Table 2

Findings in FDG-PET, histopathologic response, and patient survival

 

Absolute SUV

Relative decrease of SUV

PET 1

PET 2

PET 3

PET 1 to PET 2

PET 2 to PET 3

PET 1 to PET 3

Histopathologic responders (n = 8)

10.7 ± 4.5

5.2 ± 1.9

3.0 ± 1.7

50% ± 10%

39% ± 26%

68% ± 17%

Histopathologic nonresponder (n = 16)

7.1 ± 2.3

5.0 ± 1.8

3.8 ± 1.9

30% ± 18%

22% ± 20%

46% ± 20%

p-value

0.08

0.9

0.5

0.03

0.2

0.05

Cut-off for a “metabolic response”

<−35%

≤−63%

Accuracy

75%

83%

Sensitivity

88%

75%

Specificity

69%

87%

AUC

0.81

0.85

95% CI

0.638 to 0.957

0.648 to 0.961

2 year survival rate “PET-responder”

83% (n = 12)

73% (n = 11)

2 year survival rate “PET-non-responder”

33% (n = 12)

46% (n = 13)

p-value

0.03

0.09

In contrast, relative changes in tumor SUV were related with histopathological response as follows. Two weeks after the onset of preoperative chemotherapy, there was a significantly more pronounced SUV decrease in histopathologic responders than in nonresponders. The mean difference in SUV changes for histopathologic responders (−50%) and nonresponders (−30%) was 20% (Table 2). The optimum threshold value for differentiation of responding and nonresponding tumors was achieved by applying a cut-off value of −33% (Fig. 3). Using this cut-off value, all responding and ten of the 16 nonresponding tumors were correctly identified. Corresponding accuracy, sensitivity, and specificity to distinguish between responders and nonresponders were 75%, 100% and 63%, respectively. When applying a cut-off value of −35% prospectively, as recently published [15, 16], one more nonresponder was detected at the expense of one responder less yielding an accuracy, sensitivity, and specificity of 75%, 88% and 69%, respectively.
https://static-content.springer.com/image/art%3A10.1007%2Fs00259-007-0521-3/MediaObjects/259_2007_521_Fig3_HTML.gif
Fig. 3

ROC curves for assessment of histopathologic response by FDG-PET. Changes in FDG-uptake from the baseline scan to the scan after 14 days of chemotherapy (solid line); from the baseline to the preoperative scan (dotted line)

Prior to surgery, the relative SUV decrease in responders was also more pronounced than in nonresponders. The difference in relative changes for subsequent responders (−68%) and nonresponders (−46%) was similar to the PET scan after 2 weeks of therapy (Table 2). The ROC curve demonstrated that the highest accuracy for differentiation of histopathologically responding and nonresponding tumors was achieved by applying a cut-off value of 63% decrease of baseline FDG uptake (Fig. 3). Using this cut-off value, six of the eight responding and 14 of the 16 nonresponding tumors were correctly identified providing a sensitivity of 75%, a specificity of 87%, and an accuracy of 83%, respectively. The ROC curve was almost identical to the ROC curve for changes from baseline to day 14 (area under the ROC curve 0.82 vs. 0.85, p = 0.9).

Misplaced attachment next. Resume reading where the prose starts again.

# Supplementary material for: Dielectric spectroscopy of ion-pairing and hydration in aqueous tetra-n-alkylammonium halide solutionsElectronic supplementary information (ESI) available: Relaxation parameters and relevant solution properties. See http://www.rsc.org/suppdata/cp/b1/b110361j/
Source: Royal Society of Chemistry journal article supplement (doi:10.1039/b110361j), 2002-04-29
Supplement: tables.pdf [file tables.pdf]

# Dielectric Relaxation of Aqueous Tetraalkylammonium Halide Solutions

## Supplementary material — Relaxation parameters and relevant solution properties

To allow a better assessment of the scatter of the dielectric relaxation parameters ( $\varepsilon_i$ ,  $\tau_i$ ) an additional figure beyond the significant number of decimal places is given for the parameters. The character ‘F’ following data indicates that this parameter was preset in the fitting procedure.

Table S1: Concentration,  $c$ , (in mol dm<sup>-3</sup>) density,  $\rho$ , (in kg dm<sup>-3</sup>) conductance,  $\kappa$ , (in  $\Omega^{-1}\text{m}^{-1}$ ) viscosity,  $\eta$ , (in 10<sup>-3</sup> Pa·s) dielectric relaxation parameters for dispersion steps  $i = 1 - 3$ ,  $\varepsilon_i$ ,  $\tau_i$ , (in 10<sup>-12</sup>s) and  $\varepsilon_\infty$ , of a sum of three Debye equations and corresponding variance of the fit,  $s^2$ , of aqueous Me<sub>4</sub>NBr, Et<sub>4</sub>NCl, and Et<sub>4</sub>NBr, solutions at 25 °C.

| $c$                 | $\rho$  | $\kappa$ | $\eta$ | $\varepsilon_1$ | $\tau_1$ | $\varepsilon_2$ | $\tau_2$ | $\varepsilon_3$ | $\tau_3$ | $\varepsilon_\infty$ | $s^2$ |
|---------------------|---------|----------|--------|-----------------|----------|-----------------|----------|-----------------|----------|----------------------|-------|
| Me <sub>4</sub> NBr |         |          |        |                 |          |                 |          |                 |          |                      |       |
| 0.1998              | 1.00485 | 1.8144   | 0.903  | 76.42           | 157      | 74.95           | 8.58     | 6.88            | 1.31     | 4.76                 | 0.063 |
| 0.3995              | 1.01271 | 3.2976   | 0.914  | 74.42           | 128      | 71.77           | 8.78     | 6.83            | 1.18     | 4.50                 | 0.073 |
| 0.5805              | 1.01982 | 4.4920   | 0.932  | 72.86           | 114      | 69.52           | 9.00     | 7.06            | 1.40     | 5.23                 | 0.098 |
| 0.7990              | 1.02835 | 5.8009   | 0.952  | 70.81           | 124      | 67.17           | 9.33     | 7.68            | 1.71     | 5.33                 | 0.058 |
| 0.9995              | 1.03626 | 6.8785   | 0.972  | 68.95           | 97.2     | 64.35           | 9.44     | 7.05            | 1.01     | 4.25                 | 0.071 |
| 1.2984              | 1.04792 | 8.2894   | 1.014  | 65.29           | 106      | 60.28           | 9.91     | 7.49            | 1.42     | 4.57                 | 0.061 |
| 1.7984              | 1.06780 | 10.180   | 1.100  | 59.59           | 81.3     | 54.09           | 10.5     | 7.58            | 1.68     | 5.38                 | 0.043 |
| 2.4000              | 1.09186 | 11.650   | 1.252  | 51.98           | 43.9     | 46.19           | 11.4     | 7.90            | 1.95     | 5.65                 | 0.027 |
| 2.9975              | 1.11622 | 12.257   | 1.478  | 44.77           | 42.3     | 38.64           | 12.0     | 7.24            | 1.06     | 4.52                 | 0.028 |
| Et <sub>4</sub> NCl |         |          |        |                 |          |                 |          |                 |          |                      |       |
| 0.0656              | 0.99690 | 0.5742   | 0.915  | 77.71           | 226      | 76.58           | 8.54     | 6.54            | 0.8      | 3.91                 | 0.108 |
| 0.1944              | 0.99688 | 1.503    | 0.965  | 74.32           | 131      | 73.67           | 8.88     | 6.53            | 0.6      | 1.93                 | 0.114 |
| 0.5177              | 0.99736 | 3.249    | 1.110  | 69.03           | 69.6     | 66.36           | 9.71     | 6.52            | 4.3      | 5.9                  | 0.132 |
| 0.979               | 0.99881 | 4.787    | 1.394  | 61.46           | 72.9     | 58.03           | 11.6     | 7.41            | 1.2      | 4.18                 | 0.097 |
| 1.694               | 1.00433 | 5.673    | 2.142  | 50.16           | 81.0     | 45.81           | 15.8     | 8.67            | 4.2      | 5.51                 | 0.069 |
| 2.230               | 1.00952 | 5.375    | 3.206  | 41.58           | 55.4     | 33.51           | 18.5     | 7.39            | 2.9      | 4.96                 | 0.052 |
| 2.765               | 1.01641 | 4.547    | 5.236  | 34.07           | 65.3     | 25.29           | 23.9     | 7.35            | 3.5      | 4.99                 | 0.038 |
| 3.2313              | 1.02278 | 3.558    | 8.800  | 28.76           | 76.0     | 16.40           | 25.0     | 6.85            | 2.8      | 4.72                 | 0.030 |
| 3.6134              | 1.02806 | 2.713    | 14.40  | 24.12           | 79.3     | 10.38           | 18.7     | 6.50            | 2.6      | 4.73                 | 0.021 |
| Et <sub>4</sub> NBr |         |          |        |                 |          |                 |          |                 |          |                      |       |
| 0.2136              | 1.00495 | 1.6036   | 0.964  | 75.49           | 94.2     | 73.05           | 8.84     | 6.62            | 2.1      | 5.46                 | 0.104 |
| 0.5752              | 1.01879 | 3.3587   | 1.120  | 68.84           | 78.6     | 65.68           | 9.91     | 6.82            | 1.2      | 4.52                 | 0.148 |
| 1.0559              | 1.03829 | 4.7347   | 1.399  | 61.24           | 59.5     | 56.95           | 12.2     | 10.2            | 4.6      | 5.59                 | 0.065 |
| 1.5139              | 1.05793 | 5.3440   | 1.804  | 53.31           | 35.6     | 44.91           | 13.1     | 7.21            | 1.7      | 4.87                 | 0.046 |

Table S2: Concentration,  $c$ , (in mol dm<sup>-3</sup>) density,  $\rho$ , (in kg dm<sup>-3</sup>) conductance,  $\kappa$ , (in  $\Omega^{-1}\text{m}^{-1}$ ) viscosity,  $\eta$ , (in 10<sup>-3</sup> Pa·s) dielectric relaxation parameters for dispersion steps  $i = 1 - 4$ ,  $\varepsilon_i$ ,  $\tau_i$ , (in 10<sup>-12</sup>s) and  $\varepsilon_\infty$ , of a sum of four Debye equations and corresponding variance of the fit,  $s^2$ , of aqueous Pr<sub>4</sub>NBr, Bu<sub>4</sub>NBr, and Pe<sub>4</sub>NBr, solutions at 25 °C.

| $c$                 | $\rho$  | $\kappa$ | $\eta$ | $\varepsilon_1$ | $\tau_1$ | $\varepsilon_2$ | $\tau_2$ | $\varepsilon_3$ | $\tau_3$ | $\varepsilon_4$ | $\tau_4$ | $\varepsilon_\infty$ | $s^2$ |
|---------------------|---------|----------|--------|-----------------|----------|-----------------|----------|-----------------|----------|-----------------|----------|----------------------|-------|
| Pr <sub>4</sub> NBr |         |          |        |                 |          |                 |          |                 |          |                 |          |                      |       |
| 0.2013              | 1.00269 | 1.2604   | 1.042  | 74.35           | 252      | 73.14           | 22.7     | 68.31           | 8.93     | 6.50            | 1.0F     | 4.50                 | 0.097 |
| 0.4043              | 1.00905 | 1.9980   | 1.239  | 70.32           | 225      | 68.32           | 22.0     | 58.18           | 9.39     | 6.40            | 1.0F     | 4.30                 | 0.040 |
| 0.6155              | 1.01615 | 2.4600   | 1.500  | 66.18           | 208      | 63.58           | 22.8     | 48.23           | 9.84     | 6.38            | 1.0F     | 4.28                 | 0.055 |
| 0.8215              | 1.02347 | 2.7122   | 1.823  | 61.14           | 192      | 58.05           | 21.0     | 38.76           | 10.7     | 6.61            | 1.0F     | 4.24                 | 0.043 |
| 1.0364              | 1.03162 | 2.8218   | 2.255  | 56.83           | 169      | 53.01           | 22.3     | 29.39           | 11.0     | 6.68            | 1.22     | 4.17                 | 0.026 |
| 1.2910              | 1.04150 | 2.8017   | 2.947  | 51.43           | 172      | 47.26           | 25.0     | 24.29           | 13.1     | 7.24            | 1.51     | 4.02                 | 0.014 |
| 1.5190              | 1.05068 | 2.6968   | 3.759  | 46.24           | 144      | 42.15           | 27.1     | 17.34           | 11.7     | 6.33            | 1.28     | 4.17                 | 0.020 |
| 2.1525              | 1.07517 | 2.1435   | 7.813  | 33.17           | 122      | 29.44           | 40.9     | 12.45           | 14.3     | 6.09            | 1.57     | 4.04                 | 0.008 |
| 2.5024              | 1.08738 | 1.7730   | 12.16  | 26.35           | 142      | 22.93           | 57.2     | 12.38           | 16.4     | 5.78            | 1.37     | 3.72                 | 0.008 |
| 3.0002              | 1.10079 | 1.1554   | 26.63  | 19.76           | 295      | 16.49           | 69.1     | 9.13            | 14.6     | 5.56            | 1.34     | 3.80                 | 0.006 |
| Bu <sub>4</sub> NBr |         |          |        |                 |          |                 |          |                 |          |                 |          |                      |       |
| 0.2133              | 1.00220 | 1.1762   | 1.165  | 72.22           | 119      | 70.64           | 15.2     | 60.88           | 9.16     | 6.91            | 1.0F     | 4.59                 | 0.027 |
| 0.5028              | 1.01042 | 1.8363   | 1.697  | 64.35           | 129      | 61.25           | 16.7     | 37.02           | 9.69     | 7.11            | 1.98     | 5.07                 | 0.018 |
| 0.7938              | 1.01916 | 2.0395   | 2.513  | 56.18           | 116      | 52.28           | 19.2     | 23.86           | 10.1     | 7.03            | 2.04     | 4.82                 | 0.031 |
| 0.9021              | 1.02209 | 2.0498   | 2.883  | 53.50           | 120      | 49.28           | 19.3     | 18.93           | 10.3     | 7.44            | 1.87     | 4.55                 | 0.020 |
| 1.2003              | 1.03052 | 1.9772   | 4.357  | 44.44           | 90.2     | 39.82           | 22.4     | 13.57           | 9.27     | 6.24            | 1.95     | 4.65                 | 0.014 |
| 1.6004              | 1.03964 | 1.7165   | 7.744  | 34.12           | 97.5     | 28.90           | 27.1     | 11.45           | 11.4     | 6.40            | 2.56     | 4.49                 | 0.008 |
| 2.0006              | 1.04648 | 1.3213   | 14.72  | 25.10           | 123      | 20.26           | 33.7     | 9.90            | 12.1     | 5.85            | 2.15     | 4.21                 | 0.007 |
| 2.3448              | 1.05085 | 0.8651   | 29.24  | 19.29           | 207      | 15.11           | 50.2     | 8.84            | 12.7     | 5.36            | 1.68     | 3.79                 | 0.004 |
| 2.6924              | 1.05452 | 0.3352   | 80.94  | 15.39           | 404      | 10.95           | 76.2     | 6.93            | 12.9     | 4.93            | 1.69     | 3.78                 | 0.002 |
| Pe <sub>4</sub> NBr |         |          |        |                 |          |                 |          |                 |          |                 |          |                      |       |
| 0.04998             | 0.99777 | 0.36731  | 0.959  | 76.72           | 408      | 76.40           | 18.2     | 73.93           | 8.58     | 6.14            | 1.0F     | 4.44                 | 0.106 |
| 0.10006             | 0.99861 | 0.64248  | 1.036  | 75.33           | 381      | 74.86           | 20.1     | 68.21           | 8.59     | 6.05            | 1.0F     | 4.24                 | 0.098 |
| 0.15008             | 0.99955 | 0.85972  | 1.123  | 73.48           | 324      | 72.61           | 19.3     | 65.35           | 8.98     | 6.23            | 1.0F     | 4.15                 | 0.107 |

Correlation of tumor FDG uptake with survival

Relative changes from PET1 to PET2 were significantly correlated with overall survival (p = 0.03), whereas the predictive value of relative changes from PET1 to PET3 did not reach statistical significance (p = 0.09). Two-year survival was 83% (n = 12) and 33% (n = 12) for patients with a decrease in tumor FDG-uptake by more/less than 35% (PET1 to PET2, Fig. 4b). When analysing changes from the baseline to the preoperative scan (PET1 to PET3), two-year survival rates for patients with a decrease in tumor FDG-uptake by more/less than 63% were 73% (n  = 11) and 46% (n = 13), respectively (Fig. 4c). Absolute SUVs did not demonstrate a significant correlation with patient survival at any of the studied time points (data not shown).
https://static-content.springer.com/image/art%3A10.1007%2Fs00259-007-0521-3/MediaObjects/259_2007_521_Fig4_HTML.gif
Fig. 4

a Reduction of tumor FDG-uptake 14 days after initiation of chemotherapy and patient survival. b Reduction of tumor FDG-uptake after completion of chemotherapy and patient survival

Discussion

This study provides two new findings regarding the use of FDG-PET for monitoring chemotherapy of locally advanced esophageal cancer. First, it indicates that early metabolic changes (14 days after start of therapy) provide at least the same accuracy for prediction of treatment outcome than late changes (3 months after start of therapy). Second, it shows that the predictive value of relative changes in tumor FDG-uptake is superior to measurements of absolute tumor FDG-uptake.

One might have expected that PET imaging after completion of chemotherapy would result in a higher accuracy for assessment of histopathologic response than imaging during the first chemotherapy cycle (14 days after start of chemotherapy). Tumors were resected within 1 week after the preoperative PET scan and their metabolic status in this scan should therefore more closely reflect histopathologic tumor regression than a PET scan performed 9–10 weeks earlier. For example, a tumor might initially respond well to treatment and demonstrate a marked decrease in metabolic activity. Later on, a resistant cell population may emerge leading to a subsequent rise in FDG-uptake. However, our data indicate that this is a rare event in patients with AEG, since none of the studied tumors demonstrated a relevant rise in FDG-uptake from the 2-week scan to the preoperative scan.